Skip to main content Accessibility help
×
Home
Hostname: page-component-99c86f546-qdp55 Total loading time: 0.399 Render date: 2021-11-30T18:57:37.258Z Has data issue: true Feature Flags: { "shouldUseShareProductTool": true, "shouldUseHypothesis": true, "isUnsiloEnabled": true, "metricsAbstractViews": false, "figures": true, "newCiteModal": false, "newCitedByModal": true, "newEcommerce": true, "newUsageEvents": true }

27 - Dissemination of prolonged exposure therapy for posttraumatic stress disorder: successes and challenges

from Part IV C - Prolonged-exposure treatment as a core resource for clinicians in the community: dissemination of trauma knowledge post-disaster

Published online by Cambridge University Press:  27 October 2009

Yuval Neria
Affiliation:
Columbia University, New York
Raz Gross
Affiliation:
Columbia University, New York
Randall D. Marshall
Affiliation:
Columbia University, New York
Ezra S. Susser
Affiliation:
Columbia University, New York
Get access

Summary

The catastrophic events of September 11, 2001, significantly raised this country's interest in and concern about the psychological consequences of mass trauma and for good reason. Epidemiological studies conducted 1 to 2 months after 9/11 reported prevalence rates of posttraumatic stress disorder (PTSD) in Lower Manhattan of between 7–11% (Galea et al., 2002; Schlenger et al., 2002), a much higher figure than the 4% or less in the rest of the country (Schlenger et al., 2002). Other studies documented an increase in stress-related symptoms across the entire country in the immediate days and weeks after 9/11, although the prevalence of PTSD decreased substantially with distance from ground zero (Silver et al., 2002; Blanchard et al., 2004). In addition, there was a small, but statistically significant increase in the use of psychiatric medications among people living in Manhattan in the month following the attacks on the World Trade Center (Boscarino et al., 2003) and a substantial proportion (29%) of Manhattanites increased their use of alcohol, cigarettes, and marijuana 5–8 weeks later (Vlahov et al., 2002). Individuals who increased their substance use were more likely to experience PTSD and depression (Vlahov et al., 2002). These studies serve to illustrate the significant psychological impact even a single incident of terrorism can have and the need to have appropriate resources available to assist those who develop significant psychological difficulties in the aftermath of such an event.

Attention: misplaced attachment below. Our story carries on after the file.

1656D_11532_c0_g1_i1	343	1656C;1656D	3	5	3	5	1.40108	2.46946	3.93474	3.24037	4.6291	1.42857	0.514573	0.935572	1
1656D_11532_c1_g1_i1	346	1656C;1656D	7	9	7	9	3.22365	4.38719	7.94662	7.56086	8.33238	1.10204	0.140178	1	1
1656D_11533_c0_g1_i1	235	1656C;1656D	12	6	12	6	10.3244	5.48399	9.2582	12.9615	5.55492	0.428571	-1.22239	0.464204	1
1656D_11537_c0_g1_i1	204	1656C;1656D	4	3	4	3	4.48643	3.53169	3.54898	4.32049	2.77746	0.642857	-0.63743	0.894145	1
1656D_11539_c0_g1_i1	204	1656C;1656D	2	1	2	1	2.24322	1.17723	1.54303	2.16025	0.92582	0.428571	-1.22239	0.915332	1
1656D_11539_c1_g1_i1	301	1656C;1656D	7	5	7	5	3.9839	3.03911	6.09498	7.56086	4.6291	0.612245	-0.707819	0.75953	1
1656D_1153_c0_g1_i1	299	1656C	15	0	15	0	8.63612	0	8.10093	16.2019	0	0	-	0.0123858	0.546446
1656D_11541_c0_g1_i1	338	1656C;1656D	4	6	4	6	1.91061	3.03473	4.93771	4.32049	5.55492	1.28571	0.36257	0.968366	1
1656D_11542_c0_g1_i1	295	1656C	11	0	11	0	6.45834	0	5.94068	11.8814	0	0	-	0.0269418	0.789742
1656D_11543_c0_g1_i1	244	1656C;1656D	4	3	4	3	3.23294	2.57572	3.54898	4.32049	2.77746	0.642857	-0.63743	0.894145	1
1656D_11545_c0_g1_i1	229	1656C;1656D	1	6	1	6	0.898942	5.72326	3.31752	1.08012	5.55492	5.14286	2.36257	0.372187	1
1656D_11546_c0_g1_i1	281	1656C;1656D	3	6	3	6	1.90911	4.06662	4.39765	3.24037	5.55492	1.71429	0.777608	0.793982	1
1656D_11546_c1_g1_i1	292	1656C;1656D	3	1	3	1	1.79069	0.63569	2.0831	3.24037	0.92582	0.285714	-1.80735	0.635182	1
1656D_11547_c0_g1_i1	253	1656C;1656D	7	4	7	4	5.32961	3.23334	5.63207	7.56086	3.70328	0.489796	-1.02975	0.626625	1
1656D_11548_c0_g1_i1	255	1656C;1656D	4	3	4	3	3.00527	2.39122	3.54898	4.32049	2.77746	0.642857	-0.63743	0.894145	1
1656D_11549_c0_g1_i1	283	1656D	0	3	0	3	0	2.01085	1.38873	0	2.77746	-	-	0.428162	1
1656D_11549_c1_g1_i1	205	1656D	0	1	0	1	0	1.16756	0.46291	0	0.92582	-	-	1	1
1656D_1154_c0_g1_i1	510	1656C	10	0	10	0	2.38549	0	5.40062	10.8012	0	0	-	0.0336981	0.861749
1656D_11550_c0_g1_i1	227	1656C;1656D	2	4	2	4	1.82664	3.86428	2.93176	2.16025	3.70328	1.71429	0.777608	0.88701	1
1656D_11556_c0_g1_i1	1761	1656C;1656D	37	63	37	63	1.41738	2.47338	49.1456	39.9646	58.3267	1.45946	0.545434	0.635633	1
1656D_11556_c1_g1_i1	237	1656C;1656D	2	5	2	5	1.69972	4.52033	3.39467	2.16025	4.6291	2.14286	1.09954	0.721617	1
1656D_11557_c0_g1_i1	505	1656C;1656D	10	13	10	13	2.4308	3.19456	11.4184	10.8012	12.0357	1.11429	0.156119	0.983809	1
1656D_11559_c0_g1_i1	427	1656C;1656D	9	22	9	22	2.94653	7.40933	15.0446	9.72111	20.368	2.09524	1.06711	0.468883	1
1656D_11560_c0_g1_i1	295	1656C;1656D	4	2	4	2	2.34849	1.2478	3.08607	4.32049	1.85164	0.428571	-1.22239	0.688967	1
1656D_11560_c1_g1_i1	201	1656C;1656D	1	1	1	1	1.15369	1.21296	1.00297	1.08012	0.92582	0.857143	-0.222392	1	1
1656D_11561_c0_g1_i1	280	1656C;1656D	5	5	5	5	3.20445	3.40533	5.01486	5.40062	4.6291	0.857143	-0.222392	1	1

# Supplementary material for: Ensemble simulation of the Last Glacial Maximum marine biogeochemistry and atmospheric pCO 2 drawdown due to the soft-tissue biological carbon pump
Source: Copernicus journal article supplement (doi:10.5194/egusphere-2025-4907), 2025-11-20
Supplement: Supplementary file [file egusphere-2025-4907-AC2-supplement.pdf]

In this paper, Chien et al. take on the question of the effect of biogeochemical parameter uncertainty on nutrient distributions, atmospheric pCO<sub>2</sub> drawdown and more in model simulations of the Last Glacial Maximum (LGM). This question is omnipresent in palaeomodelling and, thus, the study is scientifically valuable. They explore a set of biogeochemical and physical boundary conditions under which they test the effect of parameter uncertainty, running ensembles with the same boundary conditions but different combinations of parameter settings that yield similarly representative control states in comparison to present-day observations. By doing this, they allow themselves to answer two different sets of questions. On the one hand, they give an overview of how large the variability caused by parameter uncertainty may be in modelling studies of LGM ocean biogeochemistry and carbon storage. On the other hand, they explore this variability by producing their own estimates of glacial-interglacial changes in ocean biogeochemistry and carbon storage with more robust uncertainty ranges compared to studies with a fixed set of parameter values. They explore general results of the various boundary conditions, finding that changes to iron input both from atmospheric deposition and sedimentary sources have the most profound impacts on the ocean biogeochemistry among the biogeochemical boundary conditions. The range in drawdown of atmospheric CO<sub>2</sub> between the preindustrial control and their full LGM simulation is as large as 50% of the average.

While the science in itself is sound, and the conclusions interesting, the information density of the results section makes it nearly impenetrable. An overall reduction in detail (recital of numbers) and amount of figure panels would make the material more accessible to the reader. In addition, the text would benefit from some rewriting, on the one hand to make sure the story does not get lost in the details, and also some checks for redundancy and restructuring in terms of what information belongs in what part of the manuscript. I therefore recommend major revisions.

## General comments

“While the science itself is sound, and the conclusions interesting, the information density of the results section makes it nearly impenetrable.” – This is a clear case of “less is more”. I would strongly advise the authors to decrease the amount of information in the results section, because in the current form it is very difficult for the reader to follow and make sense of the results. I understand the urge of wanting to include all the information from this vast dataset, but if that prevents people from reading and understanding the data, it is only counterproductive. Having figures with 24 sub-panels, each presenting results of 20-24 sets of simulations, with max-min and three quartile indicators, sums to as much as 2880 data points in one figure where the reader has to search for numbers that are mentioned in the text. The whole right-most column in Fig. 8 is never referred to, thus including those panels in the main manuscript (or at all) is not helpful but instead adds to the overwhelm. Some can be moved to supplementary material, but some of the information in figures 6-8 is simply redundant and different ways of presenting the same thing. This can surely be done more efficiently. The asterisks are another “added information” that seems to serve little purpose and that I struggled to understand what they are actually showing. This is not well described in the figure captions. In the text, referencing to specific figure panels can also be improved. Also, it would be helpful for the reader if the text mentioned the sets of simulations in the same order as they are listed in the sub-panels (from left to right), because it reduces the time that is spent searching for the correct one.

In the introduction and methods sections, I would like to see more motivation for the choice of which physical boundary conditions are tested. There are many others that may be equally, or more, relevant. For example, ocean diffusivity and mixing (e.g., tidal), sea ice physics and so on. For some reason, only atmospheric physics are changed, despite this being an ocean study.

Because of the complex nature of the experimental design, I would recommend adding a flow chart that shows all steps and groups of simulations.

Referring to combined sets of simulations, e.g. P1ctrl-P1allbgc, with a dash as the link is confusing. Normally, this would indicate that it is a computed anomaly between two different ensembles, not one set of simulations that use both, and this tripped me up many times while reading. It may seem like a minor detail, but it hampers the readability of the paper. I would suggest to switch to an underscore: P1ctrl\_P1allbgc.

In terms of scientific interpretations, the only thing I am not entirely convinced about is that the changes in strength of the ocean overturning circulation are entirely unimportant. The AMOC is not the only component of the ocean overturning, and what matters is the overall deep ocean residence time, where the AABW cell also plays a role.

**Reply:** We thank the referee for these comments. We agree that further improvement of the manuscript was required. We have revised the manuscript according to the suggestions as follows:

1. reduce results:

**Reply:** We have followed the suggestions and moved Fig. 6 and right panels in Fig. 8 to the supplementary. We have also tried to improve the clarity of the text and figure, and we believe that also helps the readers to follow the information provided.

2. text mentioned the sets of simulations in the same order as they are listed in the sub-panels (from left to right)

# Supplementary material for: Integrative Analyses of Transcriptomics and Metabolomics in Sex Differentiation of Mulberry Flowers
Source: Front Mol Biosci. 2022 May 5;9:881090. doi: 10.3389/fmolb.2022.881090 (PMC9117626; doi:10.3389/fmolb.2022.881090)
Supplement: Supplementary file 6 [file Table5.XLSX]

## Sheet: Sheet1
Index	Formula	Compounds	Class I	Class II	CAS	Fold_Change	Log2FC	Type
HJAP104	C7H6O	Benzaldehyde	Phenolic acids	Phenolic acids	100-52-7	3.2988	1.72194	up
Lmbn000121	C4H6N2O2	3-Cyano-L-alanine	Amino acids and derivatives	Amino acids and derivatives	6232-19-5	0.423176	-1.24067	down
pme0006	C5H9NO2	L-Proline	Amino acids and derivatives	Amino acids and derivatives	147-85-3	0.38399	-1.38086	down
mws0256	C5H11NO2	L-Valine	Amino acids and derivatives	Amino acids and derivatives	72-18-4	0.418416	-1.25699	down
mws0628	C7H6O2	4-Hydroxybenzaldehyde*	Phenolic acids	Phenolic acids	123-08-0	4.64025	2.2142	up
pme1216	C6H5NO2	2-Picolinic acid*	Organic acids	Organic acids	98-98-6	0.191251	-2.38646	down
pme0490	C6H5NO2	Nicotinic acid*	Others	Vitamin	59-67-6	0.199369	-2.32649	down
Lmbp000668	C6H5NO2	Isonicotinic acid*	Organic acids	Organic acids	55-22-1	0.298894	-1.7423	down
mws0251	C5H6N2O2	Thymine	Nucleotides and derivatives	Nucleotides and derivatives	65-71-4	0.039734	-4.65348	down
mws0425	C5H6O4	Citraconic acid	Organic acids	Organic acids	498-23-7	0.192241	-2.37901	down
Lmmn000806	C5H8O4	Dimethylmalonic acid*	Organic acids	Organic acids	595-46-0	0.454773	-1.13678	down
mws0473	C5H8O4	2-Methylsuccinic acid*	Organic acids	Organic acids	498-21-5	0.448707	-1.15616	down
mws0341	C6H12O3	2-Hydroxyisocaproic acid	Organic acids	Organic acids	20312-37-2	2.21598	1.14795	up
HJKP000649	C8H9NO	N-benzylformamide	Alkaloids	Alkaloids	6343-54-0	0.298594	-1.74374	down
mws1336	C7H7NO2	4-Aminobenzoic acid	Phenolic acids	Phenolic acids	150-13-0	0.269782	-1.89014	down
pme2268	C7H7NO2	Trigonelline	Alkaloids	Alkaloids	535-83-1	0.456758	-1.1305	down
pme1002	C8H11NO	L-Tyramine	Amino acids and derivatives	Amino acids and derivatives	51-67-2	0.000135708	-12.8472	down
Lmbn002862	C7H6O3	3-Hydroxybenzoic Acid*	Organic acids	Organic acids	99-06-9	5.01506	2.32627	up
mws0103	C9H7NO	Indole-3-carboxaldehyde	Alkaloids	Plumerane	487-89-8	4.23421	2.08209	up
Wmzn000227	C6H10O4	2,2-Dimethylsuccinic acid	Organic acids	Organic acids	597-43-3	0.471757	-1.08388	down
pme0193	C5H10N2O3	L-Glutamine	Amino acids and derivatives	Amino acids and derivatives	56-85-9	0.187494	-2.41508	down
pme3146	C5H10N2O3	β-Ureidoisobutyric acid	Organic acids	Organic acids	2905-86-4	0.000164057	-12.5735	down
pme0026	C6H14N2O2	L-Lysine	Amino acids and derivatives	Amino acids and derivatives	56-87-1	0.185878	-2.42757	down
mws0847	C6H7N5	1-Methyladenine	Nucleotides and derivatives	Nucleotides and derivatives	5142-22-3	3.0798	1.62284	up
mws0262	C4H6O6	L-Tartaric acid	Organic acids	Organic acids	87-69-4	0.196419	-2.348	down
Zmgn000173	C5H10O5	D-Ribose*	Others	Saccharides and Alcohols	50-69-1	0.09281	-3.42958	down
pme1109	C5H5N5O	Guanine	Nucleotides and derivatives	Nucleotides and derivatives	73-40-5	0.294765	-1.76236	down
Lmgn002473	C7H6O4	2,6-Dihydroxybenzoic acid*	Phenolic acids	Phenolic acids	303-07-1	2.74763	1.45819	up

There has been substantial progress over the last 15 years in the development and validation of effective psychological treatments for PTSD.

Type
Chapter
Information
Publisher: Cambridge University Press
Print publication year: 2006

Access options

Get access to the full version of this content by using one of the access options below. (Log in options will check for institutional or personal access. Content may require purchase if you do not have access.)
4
Cited by

Send book to Kindle

To send this book to your Kindle, first ensure no-reply@cambridge.org is added to your Approved Personal Document E-mail List under your Personal Document Settings on the Manage Your Content and Devices page of your Amazon account. Then enter the ‘name’ part of your Kindle email address below. Find out more about sending to your Kindle.

Note you can select to send to either the @free.kindle.com or @kindle.com variations. ‘@free.kindle.com’ emails are free but can only be sent to your device when it is connected to wi-fi. ‘@kindle.com’ emails can be delivered even when you are not connected to wi-fi, but note that service fees apply.

Find out more about the Kindle Personal Document Service.

Available formats
×

Send book to Dropbox

To send content items to your account, please confirm that you agree to abide by our usage policies. If this is the first time you use this feature, you will be asked to authorise Cambridge Core to connect with your account. Find out more about sending content to Dropbox.

Available formats
×

Send book to Google Drive

To send content items to your account, please confirm that you agree to abide by our usage policies. If this is the first time you use this feature, you will be asked to authorise Cambridge Core to connect with your account. Find out more about sending content to Google Drive.

Available formats
×